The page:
Sokaogon Chippewa Community News
Rare Bee in Chequamegon-Nicolet National Forest
Agency scientists were surveying bees as part of a Great Lakes Native Bee Inventory project funded by the Great Lakes Restoration Initiative (GLRI) when two male Epeoloides pilosulus were captured at Chickadee Barrens in mid-July. A third male was captured the next day. All three bees were netted off black-eyed Susan (Rudbeckia hirta) plants blooming along roadsides in the National Forest.
Epeoloides pilosulus has garnered a large amount of interest because it is considered one of the rarest bees in North America. Though long suspected to be in the Lakewood area, these are the first confirmed records of the species in Wisconsin since 1910 when it was caught in Dane county.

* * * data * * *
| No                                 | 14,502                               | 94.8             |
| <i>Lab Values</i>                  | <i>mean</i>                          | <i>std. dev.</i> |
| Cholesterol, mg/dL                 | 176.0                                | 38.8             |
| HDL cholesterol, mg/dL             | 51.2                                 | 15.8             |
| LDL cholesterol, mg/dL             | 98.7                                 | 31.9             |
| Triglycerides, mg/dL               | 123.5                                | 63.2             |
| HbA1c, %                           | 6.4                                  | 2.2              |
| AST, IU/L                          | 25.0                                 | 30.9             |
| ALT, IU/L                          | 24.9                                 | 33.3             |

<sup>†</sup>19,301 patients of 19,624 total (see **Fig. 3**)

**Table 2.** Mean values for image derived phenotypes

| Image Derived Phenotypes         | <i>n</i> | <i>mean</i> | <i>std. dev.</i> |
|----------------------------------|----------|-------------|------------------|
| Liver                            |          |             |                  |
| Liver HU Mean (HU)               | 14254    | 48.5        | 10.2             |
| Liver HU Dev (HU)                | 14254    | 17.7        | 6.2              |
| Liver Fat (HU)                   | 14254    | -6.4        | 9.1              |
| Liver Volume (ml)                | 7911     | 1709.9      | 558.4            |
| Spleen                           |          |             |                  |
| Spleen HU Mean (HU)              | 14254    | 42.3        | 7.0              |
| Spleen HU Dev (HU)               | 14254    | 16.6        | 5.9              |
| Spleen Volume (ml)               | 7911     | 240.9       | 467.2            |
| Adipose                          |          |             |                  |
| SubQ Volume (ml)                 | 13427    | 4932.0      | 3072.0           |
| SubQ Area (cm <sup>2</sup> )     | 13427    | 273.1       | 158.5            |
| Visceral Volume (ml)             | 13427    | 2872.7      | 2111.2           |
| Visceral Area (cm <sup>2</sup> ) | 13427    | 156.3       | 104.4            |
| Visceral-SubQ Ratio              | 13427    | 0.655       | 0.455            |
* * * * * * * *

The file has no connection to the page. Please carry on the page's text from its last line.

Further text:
This elusive species is a cleptoparasite of a particular genus of bees (Macropis) which specialize on the collection of floral oils and pollen from plants in the Lysimachia (yellow loosestrife) genus. Abundant Lysimachia plants potentially indicate presence of Macropis bees which in turn would provide evidence of this cuckoo bee. Historically widespread in eastern and central North America, this species was thought to be extinct due to lack of observations until 2002 when Epeoloides pilosulus was rediscovered in Nova Scotia, Canada. A single female was subsequently captured in Connecticut in June 2006.
Since 2017, the Chequamegon-Nicolet has been inventorying native bees across the Forest using funds from GLRI. This project has been occurring across the six national forests within the Great Lakes Basin. The bee sampling protocol and identification to species has been aided by David King of the Forest Service’s Northern Research Station and Joan Milam.